The seductive lure of vengeance, and its ultimate emptiness, are such well-worn cinematic staples that even an authentic sense of place and a very personal story from Colombian director Laura Mora cannot quite overcome the familiarity of her heartfelt but hesitant sophomore feature, “Killing Jesús.” Yet this low-key morality fable, built out of the tragedy that was the murder of her own father, is clearly an act of exorcism by the emerging filmmaker, and as its Eroski Youth Prize in San Sebastian suggests, its humanist message should play well with university-aged audiences and those with an interest in Latin American social issues.
After a brief prologue, in which a young woman, spattered in blood, scrambles up a hillside with a gun in her hand to gaze out over the sprawling city of Medellín, we’re properly introduced to Paula (Natasha Jaramillo, a first-time performer like most of the cast). A 22-year-old photography student, she’s at a meeting of a campus activist group and, frustrated by all the speechifying, she’s urging her peers toward more dramatic protest. Clad in faded T-shirt and old jeans, with her waist-length hair pulled back from her face by a worn-through baseball cap, Paula is the model of a streetwise tough-girl, so it’s something of a surprise that she’s also the daughter of a relatively well-to-do political science professor at the university.
On their way home that day, however, her father is gunned down, in a quick, bluntly effective scene that Mora mounts with remarkable dexterity. As Paula bends down to tend to her camera bag, her father gets out of the car to open the house gate and a sudden blizzard of gunfire erupts, shattering the windshield. Just before she leaps from the vehicle to discover her dad already dead, Paula catches a glimpse of the gunman, a lean young man roughly her own age, speeding away, blank-faced, on the back of a cheap motorcycle. He doesn’t see her.
A couple of months of futile encounters with the police follow before Paula loses faith in them entirely. “What surname do you have to have in this town for you to do something?” she rails at the officer in charge. But though this points to a potentially thorny examination of institutional bias against the more privileged members of Colombian society, it’s an area left frustratingly underdeveloped.
Instead, the personal revenge/redemption story soon kicks into gear when, some weeks later, Paula spots the young hitman, Jesús (Giovany Rodriguez) dancing drunkenly at a nightclub. She strikes up an acquaintance with him — easy to do because Jesús is sullenly attracted to her — and while she tries to scrape together the money for a gun of her own, she follows the old adage of keeping your enemies close. In the course of this subterfuge, her mission of revenge becomes that much more complicated as she gets to know Jesús and come under his protection. He even teaches her how to shoot, with the simple, chilling words, “Just aim with hate in your heart.”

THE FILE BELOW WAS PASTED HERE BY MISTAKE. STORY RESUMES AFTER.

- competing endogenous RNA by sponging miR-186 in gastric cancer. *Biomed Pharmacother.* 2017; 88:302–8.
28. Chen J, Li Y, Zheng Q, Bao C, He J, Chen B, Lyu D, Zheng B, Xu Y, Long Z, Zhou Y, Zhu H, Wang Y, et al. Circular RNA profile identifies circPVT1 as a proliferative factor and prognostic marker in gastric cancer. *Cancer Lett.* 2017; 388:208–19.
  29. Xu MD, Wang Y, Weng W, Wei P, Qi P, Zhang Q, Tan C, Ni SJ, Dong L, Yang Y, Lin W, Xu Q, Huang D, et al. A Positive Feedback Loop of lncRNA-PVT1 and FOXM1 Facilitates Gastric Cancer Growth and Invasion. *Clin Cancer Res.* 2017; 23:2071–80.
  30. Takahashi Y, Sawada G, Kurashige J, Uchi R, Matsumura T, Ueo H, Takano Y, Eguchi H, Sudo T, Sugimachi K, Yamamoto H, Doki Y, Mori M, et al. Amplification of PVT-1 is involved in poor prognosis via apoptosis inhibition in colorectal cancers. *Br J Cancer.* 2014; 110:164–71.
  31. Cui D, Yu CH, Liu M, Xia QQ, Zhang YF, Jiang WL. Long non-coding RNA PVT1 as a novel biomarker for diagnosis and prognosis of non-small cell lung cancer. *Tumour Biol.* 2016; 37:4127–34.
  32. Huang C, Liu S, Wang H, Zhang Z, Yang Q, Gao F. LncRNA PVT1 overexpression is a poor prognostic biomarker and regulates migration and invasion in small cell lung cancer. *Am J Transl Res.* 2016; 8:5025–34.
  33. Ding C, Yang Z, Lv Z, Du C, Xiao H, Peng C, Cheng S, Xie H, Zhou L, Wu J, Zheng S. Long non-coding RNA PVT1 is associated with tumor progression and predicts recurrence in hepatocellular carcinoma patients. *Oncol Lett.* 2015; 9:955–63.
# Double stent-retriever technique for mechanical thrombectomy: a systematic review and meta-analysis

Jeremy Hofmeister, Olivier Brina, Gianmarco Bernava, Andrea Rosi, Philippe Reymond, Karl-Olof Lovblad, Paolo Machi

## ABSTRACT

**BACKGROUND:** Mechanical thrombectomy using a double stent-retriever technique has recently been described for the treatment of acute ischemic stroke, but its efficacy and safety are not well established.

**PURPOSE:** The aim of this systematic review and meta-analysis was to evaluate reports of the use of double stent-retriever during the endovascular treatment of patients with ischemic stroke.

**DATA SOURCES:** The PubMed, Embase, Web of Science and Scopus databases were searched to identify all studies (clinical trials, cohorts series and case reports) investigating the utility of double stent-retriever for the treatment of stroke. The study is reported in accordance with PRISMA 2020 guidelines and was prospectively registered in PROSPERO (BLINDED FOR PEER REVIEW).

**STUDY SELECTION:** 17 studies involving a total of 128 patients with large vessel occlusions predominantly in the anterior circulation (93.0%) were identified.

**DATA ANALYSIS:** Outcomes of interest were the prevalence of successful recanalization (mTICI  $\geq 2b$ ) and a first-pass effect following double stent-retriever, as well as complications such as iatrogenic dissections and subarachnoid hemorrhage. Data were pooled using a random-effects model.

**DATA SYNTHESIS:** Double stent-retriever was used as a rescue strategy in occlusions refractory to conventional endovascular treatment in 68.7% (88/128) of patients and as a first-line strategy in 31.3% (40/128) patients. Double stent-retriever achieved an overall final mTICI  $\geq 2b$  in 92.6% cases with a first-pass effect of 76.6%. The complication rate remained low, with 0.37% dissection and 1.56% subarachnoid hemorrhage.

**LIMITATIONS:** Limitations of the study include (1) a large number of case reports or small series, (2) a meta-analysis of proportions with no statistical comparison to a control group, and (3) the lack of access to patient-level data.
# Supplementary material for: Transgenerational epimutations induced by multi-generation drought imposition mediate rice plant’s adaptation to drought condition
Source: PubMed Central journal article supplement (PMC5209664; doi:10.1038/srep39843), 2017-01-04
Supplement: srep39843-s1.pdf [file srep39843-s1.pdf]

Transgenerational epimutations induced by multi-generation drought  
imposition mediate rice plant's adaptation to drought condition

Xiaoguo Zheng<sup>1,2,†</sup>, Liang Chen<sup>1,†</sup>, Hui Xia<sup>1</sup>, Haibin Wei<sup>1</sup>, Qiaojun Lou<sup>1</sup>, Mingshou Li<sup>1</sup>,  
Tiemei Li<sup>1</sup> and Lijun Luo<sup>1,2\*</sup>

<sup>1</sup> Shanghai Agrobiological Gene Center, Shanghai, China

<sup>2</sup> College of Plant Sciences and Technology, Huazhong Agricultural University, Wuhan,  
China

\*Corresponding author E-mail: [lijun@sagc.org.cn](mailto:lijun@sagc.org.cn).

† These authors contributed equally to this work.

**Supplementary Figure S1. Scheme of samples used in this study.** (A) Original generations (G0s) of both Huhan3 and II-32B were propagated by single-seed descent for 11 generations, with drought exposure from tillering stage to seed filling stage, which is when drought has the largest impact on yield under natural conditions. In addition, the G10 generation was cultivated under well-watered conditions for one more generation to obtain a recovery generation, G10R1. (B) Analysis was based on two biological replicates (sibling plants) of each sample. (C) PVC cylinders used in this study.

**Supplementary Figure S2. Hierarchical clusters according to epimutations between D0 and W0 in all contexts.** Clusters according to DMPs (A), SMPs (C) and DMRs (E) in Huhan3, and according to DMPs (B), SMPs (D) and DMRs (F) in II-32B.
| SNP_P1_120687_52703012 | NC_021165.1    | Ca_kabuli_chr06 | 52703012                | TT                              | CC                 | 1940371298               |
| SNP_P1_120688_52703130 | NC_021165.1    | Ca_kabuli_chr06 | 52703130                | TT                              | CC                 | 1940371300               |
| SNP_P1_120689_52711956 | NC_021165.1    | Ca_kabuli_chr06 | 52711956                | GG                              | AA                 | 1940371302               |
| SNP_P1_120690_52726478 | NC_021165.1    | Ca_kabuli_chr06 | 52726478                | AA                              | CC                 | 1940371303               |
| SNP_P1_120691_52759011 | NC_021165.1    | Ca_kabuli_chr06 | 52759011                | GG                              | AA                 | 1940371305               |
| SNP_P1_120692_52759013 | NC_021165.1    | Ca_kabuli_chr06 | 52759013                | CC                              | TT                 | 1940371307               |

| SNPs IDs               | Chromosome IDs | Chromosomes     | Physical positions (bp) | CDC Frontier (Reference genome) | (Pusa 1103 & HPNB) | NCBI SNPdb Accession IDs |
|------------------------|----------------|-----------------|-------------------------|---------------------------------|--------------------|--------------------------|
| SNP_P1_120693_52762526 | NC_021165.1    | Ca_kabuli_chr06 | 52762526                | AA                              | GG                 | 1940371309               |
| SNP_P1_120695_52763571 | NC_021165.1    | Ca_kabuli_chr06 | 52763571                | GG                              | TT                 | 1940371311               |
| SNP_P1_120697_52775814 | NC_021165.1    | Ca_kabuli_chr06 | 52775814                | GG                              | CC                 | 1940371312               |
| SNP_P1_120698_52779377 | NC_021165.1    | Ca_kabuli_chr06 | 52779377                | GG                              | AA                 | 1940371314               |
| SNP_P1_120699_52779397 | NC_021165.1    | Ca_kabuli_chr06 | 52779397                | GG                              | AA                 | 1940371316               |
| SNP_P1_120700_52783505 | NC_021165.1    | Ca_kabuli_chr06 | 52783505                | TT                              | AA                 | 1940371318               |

The handheld photography from James L. Brown gives a gritty cast to the Medellín slums in which Jesús lives. And on the rare occasion Mora and co-writer Alonso Torres’ terse script requires it, there are some more impressionistic sequences, as when Paula, still beset with grief, rides silently in a car with her revelatory friends. In wide-angle and location shots, “Killing Jesús” unfolds in the naturalist aesthetic we’ve come to expect of social-realist cinema, but the filmmaking feels shy of faces. Mora’s approach is not quite bold enough to push through Paula’s cascade of hair and wall of defenses to gain entry into her psyche. It’s a distance that’s exacerbated by the inexperienced Jaramillo, who has an air of diffidence about meeting the camera’s gaze, which makes scenes in which she needs to be more demonstrative, such as when she tears apart Jesús’ dingy one-room dwelling, feel a bit forced.
Mostly, this unsteadiness means “Killing Jesus” unfolds at a remove except when Rodriguez, a more confident, complex presence, shares the screen with Jaramillo, as Paula and Jesús mistrustfully try to work their relationship out. “You’re the strangest thing I ever met in my life” says Jesús finally, after all the fronting and surly flirting is spent and the darkness of his lifestyle looks set to inevitably engulf him.
The conclusion of the story teaches too neat a lesson about the cycle of violence and the karmic nature of cosmic justice. But then, the sincere, fitfully insightful “Killing Jesús” is most valuable not for the cold dish of revenge it serves, but as a snapshot of a doomed generation of the Colombian criminal underclass who may logically understand that they’re fated to die young, but still walk and talk and pull wheelies on their motorbikes as though they were immortal.